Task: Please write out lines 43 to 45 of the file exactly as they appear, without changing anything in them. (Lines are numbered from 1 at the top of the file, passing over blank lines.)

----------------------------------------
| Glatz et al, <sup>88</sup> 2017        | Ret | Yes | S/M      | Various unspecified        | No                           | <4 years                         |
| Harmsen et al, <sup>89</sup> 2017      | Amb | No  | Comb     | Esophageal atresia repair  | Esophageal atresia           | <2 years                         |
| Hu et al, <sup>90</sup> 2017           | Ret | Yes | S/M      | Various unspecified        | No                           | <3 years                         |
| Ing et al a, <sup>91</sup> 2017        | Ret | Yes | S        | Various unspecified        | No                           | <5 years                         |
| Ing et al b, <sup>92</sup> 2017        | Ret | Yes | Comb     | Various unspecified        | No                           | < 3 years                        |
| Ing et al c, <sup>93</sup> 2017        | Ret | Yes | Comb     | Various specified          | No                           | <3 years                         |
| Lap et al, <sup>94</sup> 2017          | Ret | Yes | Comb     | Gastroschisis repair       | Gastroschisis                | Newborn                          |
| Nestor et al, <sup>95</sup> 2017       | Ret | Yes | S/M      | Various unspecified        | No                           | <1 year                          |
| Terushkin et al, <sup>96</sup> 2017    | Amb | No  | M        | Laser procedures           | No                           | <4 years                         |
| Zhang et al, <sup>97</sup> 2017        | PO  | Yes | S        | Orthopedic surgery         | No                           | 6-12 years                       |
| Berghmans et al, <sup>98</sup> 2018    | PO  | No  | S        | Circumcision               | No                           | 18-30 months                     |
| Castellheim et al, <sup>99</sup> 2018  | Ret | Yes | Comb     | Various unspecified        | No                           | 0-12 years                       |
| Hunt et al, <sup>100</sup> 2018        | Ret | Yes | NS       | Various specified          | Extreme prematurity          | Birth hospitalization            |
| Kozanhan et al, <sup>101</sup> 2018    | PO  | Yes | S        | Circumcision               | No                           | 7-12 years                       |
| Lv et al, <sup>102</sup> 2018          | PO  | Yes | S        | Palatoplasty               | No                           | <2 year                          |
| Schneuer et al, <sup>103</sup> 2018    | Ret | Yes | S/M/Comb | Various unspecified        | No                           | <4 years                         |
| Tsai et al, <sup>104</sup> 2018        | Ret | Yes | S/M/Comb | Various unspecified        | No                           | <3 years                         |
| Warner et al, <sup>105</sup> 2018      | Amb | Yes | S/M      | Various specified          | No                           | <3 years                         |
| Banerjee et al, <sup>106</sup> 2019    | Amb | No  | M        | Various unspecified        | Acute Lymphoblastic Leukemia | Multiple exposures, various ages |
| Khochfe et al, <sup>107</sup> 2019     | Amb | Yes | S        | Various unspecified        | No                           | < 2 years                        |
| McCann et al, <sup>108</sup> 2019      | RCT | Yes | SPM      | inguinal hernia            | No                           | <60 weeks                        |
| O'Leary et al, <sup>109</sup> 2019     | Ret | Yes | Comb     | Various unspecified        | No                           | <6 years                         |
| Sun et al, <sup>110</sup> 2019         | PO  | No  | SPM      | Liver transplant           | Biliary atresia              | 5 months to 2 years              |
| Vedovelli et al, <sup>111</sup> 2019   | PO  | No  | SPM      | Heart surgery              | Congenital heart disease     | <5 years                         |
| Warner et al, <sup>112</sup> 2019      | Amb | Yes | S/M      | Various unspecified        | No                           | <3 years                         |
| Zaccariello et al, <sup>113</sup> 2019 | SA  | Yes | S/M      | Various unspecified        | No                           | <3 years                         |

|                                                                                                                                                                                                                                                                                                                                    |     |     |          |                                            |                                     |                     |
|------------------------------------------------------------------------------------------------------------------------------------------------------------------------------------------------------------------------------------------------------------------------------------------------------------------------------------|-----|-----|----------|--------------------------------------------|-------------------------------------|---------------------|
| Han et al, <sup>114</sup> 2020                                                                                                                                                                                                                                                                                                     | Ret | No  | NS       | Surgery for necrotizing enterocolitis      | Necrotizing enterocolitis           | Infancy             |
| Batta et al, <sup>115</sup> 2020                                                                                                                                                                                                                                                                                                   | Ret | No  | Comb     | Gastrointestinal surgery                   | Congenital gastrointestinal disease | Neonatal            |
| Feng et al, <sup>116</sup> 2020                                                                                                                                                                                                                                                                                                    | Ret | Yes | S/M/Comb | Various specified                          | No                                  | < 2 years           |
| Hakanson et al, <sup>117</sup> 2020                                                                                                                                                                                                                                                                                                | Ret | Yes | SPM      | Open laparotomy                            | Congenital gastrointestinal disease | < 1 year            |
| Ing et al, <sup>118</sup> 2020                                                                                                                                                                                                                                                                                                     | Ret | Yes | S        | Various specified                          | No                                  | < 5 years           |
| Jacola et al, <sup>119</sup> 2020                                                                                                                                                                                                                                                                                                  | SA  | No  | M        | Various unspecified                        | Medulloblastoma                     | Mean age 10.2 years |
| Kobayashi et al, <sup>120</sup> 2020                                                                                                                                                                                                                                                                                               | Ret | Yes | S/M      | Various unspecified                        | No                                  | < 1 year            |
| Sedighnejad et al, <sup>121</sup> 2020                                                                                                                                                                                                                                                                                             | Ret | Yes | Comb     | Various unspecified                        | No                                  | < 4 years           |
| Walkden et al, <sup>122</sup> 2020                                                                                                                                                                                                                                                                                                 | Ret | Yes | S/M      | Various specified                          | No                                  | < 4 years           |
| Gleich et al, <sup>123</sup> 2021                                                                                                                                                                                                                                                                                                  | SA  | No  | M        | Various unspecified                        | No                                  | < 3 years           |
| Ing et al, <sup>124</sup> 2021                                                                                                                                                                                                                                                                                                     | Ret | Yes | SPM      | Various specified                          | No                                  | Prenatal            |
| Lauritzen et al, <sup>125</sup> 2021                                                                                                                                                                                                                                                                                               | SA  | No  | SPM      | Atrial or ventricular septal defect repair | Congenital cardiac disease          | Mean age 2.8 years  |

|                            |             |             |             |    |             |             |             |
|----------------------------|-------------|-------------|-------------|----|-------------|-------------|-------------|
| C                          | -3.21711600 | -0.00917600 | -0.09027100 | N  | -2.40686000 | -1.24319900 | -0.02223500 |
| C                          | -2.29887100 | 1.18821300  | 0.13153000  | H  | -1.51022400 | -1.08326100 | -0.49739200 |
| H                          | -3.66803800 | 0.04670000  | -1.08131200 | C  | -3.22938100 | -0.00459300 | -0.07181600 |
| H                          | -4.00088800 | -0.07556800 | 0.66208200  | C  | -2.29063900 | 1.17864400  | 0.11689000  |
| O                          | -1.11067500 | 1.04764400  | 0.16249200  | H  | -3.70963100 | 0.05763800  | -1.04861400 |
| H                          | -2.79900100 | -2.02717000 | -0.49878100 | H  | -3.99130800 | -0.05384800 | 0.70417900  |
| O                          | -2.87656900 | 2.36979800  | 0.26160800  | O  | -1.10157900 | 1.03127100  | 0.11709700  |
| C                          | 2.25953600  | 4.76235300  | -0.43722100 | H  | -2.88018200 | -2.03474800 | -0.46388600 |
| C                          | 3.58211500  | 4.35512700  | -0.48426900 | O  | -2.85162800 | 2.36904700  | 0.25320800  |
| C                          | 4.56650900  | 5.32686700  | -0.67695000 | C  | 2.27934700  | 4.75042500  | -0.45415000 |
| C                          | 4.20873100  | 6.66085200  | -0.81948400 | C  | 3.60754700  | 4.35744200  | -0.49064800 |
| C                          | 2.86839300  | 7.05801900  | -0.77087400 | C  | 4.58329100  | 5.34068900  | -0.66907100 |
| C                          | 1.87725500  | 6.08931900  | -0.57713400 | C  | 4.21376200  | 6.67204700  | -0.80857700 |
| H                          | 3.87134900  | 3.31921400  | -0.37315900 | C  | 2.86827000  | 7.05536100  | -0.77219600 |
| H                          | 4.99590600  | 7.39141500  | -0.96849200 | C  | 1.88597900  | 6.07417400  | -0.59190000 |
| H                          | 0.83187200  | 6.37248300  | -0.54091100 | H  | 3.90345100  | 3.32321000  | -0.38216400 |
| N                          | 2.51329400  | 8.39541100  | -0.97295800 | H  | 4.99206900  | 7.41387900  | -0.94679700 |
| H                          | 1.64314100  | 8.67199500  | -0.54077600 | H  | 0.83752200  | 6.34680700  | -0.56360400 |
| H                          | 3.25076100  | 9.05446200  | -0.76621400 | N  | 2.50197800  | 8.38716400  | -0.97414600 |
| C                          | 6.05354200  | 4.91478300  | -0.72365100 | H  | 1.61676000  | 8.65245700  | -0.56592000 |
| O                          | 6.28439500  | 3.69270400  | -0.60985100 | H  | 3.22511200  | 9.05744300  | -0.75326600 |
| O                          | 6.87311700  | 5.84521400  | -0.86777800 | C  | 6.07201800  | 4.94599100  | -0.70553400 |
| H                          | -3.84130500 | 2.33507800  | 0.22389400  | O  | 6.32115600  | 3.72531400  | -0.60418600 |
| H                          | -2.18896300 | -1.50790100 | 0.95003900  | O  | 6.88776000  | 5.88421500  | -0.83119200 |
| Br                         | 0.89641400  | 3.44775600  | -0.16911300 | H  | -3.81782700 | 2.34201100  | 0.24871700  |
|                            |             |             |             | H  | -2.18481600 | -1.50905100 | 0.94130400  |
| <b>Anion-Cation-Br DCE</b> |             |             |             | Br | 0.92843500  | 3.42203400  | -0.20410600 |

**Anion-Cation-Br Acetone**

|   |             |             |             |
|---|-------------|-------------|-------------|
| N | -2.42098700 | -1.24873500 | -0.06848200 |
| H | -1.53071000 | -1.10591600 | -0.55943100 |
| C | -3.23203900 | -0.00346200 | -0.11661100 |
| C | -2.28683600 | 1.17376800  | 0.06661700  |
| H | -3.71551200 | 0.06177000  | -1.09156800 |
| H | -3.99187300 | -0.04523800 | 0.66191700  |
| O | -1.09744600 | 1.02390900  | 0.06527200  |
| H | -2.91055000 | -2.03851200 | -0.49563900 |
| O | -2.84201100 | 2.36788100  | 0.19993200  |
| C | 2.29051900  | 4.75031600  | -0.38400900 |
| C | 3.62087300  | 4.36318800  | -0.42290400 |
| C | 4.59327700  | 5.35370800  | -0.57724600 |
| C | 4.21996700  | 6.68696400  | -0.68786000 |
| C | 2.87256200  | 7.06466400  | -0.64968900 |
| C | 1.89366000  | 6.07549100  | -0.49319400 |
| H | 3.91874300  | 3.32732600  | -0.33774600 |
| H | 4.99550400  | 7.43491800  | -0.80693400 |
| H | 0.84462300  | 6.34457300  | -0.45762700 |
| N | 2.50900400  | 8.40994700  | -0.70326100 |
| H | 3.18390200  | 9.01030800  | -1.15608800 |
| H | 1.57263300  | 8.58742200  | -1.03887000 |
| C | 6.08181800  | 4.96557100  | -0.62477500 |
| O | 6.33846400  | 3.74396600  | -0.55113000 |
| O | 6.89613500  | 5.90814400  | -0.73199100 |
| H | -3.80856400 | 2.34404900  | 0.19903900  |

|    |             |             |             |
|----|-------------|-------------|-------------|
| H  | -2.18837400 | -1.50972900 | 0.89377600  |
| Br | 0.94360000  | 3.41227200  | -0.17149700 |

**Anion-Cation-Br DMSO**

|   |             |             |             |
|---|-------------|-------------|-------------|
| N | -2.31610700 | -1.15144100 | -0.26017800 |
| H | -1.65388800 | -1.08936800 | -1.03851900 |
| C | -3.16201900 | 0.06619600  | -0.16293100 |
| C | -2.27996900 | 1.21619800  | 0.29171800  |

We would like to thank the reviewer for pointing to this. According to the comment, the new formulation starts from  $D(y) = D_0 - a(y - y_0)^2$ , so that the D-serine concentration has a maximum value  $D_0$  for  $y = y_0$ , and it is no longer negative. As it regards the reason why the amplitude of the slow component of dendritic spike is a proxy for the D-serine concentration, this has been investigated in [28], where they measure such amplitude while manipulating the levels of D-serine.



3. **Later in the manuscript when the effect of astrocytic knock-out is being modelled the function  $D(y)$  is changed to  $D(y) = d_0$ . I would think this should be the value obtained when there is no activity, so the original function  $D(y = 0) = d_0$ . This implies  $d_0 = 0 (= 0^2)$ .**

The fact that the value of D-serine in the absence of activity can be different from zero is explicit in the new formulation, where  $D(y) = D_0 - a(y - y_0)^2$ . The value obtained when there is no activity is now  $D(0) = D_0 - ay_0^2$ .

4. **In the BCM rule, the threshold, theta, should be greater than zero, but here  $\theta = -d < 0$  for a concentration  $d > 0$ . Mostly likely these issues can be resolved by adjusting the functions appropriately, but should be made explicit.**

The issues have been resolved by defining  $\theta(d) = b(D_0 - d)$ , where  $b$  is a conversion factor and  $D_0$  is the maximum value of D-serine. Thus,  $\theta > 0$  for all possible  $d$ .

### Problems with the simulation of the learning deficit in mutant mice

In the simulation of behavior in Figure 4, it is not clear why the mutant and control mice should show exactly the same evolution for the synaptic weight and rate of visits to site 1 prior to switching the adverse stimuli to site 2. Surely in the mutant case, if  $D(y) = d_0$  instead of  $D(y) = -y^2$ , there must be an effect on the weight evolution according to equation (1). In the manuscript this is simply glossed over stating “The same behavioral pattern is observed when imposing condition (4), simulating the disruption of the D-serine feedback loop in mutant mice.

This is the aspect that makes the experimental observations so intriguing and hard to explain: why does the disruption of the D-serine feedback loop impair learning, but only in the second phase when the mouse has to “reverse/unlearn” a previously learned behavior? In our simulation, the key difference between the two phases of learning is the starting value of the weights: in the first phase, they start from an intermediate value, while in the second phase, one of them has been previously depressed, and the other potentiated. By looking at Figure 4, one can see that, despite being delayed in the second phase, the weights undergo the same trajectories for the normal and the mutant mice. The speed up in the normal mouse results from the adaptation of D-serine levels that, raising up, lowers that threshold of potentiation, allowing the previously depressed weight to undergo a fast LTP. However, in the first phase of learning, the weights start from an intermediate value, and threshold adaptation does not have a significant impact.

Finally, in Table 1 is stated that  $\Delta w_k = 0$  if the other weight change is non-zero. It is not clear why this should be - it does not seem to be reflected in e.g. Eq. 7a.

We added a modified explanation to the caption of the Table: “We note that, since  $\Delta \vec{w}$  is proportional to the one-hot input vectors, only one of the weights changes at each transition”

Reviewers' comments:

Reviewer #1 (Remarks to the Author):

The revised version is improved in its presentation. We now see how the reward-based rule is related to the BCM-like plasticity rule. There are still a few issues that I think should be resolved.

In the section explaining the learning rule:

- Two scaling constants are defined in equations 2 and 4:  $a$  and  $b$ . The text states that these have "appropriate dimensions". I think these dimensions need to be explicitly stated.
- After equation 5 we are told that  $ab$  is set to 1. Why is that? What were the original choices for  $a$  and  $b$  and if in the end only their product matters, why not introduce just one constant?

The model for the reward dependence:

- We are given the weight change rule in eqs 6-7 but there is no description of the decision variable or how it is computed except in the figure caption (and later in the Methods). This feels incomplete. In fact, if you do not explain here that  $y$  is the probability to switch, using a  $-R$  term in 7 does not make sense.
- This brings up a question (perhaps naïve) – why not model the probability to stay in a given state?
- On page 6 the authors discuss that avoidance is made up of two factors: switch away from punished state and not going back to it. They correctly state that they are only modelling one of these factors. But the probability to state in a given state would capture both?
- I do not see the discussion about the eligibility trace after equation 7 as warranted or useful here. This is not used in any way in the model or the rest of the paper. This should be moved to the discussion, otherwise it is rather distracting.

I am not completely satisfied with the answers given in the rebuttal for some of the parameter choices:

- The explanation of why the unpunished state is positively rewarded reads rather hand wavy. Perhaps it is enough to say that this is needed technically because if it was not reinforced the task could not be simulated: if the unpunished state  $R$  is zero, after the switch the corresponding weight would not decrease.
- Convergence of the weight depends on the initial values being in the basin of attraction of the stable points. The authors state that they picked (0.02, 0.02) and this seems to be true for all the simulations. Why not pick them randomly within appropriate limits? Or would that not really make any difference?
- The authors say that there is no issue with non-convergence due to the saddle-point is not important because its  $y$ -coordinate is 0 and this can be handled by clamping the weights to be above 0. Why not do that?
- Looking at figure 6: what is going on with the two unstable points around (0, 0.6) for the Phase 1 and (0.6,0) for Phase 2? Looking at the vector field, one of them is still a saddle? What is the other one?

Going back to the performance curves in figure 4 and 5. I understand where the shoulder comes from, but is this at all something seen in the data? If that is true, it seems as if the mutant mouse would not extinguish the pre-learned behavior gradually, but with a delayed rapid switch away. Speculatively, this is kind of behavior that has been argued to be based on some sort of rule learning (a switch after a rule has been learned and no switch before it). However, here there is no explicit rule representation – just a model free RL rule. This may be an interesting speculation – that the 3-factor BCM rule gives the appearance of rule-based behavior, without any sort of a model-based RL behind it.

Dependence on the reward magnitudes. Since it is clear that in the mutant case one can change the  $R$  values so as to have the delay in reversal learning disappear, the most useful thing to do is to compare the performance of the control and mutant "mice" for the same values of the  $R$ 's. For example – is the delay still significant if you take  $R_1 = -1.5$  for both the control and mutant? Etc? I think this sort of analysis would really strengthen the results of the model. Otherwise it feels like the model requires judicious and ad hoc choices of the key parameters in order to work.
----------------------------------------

| C                          | -3.21711600 | -0.00917600 | -0.09027100 | N  | -2.40686000 | -1.24319900 | -0.02223500 |
| C                          | -2.29887100 | 1.18821300  | 0.13153000  | H  | -1.51022400 | -1.08326100 | -0.49739200 |
| H                          | -3.66803800 | 0.04670000  | -1.08131200 | C  | -3.22938100 | -0.00459300 | -0.07181600 |